Leading a Culture Shift Where You Work

Description

What makes the noticeable difference between successful and unsuccessful companies? Tim Elmore explains why the way people see and serve others is so important.

We see the evidence of leadership everywhere we go.

We see the presence of good leadership in some companies, and the absence of it in others. For instance, in convenience stores, there’s a measurable difference between QuikTrip and 7-11. In quick-service restaurants, there’s a huge difference between Chick-fil-A and Taco Bell. In theme parks, there’s a contrast between Disneyland and Six Flags. In department stores, there is a noticeable difference between Nordstrom (or even Macy’s) and Sears. The cultures are just…different.

So what makes the difference? People.

The way people see and serve others. The way these leaders teach their teams to value people. For some leaders, people are an afterthought. For others, people are everything. I walked into a QuikTrip store this morning and was immediately greeted, with eye contact and a smile, from the clerk, even though he was busy stocking products on the shelf. He actually noticed me, and when he greeted me it didn’t feel like he was a trained monkey who’d been told to do it.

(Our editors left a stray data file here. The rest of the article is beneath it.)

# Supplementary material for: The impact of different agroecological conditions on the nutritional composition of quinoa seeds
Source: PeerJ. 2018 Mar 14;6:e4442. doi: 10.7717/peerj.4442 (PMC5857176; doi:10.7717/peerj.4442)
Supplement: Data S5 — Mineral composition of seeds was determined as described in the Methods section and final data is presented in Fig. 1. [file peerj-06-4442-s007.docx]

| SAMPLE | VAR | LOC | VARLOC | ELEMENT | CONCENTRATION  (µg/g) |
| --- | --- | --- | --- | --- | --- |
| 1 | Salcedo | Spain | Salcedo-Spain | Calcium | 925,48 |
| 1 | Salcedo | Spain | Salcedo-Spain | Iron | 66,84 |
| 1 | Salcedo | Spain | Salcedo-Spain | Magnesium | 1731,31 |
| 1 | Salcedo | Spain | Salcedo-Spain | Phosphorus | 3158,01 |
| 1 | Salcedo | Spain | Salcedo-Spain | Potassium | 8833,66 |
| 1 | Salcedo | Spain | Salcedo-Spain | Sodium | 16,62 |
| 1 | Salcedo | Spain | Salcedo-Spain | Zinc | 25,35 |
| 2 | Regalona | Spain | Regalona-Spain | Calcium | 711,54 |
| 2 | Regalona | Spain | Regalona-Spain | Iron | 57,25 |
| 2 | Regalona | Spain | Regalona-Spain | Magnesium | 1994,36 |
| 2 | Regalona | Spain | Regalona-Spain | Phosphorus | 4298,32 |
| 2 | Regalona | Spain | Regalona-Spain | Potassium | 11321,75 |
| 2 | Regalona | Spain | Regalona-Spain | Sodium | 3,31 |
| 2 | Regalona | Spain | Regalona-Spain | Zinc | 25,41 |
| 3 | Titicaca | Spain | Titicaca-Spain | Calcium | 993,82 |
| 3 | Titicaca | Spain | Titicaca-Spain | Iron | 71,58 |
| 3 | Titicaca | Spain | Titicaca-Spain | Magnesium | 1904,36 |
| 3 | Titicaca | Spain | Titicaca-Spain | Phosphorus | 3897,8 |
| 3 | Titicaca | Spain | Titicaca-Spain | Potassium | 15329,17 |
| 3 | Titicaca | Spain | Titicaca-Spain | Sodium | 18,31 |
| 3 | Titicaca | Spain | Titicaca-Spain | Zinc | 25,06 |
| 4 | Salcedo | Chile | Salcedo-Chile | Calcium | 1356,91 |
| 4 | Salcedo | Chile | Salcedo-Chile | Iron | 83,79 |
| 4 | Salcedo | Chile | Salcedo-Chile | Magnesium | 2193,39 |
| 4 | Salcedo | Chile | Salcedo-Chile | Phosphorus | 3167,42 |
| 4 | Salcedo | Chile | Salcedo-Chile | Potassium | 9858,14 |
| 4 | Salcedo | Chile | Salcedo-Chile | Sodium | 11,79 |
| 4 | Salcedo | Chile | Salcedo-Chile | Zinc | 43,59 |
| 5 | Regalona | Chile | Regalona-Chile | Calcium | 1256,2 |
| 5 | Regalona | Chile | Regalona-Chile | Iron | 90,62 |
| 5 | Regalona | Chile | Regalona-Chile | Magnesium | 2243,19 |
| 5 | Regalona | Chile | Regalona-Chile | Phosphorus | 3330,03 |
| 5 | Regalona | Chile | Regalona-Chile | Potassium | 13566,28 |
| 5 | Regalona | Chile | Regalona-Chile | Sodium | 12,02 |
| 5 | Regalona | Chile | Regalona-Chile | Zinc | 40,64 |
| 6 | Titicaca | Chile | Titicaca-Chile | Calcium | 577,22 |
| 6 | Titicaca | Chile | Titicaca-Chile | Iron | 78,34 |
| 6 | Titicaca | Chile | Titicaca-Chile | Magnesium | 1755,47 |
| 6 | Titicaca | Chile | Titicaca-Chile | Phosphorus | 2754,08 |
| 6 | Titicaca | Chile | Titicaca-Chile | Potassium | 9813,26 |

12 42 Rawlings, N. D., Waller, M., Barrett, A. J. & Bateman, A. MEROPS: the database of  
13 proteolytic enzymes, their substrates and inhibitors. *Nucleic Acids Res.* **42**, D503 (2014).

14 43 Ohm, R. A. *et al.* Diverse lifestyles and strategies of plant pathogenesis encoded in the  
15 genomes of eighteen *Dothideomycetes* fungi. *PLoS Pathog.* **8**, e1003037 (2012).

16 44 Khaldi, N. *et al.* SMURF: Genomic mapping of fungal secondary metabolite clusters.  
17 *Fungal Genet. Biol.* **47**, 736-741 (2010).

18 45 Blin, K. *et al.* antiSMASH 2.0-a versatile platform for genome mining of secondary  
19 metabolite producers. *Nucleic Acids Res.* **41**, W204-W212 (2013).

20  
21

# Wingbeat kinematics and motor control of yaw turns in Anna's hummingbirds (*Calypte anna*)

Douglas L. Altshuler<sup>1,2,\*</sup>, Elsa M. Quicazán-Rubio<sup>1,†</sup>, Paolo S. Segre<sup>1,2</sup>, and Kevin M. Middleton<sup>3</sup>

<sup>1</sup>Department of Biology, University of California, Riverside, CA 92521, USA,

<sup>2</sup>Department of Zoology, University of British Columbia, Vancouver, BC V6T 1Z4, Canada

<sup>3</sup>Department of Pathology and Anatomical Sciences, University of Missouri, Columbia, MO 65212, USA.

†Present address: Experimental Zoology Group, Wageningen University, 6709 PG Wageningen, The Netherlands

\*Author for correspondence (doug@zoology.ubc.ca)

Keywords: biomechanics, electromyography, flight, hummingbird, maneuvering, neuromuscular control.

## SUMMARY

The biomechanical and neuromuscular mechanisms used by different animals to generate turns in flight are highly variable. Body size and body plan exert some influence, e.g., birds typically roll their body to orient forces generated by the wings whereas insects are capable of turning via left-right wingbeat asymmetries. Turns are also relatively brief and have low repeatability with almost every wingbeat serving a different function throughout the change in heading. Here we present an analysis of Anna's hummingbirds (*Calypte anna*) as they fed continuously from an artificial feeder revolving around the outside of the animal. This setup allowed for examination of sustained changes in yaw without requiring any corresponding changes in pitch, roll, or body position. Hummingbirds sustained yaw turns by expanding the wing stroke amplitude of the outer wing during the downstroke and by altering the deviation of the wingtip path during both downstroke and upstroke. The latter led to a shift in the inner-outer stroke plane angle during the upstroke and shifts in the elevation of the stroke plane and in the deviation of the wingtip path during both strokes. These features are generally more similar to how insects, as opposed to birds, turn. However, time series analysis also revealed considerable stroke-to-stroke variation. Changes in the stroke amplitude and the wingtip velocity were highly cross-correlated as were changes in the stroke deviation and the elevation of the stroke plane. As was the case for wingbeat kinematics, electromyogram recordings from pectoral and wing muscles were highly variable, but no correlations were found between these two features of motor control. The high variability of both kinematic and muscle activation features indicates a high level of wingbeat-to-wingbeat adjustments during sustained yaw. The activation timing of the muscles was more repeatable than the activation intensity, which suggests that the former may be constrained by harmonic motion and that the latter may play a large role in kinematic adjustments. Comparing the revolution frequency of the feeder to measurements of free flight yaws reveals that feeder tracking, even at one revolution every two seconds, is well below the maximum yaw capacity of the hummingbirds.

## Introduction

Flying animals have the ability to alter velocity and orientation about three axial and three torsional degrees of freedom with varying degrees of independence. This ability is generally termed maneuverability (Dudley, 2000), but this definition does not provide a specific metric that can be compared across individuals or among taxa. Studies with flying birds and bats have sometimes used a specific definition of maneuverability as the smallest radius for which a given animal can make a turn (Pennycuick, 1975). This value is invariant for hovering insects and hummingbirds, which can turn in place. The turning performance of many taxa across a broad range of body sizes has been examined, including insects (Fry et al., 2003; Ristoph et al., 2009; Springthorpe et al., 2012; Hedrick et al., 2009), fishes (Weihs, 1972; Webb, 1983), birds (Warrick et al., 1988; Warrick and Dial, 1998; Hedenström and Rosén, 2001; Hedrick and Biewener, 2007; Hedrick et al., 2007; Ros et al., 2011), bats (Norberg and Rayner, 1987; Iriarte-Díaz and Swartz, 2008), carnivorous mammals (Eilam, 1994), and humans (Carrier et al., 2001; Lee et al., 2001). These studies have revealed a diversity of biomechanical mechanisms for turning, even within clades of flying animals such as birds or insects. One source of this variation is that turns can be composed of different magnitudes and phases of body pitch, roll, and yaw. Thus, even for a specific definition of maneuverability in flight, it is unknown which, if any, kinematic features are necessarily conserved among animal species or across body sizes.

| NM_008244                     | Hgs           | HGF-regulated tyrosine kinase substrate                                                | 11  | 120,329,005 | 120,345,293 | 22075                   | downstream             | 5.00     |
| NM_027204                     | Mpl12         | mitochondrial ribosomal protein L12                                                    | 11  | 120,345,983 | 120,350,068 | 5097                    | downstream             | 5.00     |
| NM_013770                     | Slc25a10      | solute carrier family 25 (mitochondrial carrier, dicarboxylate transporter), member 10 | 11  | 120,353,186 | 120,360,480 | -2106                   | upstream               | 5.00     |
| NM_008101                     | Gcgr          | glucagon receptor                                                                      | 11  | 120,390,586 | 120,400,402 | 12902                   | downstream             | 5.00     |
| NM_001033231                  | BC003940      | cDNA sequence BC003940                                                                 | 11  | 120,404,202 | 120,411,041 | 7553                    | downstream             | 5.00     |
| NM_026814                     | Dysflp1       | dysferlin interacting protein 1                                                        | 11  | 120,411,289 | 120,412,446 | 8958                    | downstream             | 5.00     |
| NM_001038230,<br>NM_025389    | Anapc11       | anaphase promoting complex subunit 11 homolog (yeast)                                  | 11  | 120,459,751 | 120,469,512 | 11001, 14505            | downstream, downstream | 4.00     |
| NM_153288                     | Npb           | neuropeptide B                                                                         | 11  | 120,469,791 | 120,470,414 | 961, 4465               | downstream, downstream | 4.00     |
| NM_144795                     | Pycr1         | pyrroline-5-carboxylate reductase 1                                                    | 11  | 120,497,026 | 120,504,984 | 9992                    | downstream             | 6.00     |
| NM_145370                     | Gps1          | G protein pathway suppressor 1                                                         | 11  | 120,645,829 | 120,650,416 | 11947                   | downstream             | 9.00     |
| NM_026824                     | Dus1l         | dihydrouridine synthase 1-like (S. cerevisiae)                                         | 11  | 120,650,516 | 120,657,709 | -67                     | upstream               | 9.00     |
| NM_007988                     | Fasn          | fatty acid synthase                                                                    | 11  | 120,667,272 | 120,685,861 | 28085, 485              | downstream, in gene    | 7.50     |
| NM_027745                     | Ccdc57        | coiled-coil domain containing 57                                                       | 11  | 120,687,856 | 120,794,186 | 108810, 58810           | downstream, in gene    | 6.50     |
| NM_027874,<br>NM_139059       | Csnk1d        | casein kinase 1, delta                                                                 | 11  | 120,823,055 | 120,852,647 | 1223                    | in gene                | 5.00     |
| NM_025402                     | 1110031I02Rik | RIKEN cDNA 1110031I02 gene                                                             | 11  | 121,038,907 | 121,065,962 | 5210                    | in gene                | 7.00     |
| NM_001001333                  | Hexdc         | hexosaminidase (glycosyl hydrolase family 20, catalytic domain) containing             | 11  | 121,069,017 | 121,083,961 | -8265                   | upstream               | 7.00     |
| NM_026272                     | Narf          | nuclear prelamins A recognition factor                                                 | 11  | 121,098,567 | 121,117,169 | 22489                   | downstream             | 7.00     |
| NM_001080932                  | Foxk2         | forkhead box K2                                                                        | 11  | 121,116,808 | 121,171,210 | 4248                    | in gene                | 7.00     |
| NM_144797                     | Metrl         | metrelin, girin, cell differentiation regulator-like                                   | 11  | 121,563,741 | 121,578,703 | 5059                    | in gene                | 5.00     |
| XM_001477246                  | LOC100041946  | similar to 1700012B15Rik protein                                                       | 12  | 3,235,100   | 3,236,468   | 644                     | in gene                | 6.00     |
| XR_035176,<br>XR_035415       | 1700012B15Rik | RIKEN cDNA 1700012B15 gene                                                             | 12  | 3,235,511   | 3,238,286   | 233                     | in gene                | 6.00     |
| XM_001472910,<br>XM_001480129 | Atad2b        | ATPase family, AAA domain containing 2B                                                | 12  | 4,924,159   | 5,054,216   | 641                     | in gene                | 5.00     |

In so many other convenience stores—that would never happen; or if it did, you could tell they did it begrudgingly. Without looking up, or with their back to the customer, they mumble some greeting. The customer often doesn’t respond because they’re not quite sure who the clerk is talking to. The act is perfunctory. Why? Because management is copying a competitor who “gets it,” and they’re attempting to emulate the same spirit. And failing miserably. It’s plastic. In so many places I patronize today, I feel as though I’m in their way.

In contrast, at Chick-fil-A, Operators and Team Leaders not only equip their staff to value people; they model the way, delivering food to the table, refreshing drinks and asking if there is anything else they can do for patrons. They’re engaged. The good news is, a culture change can happen anywhere: schools, non-profits, colleges, youth groups, companies…and even where you work.

I just read an article about Affinia Hotel staff who are trained to “read their guests and figure out what they need even before they ask, just by looking at them.” Everyone from housekeeping to management is tailoring his or her interaction with guests based on body language. In fact, a body-language expert trained employees over the summer on what cues to look for. “So many companies, when they talk about service, they program it to how many rings until you answer the phone,” says John Moser, chief brand and marketing officer for Affinia. “It’s very scripted. I think it’s better to give (staffers) some tools they can use to help identify what’s the right way to address somebody at a particular moment.”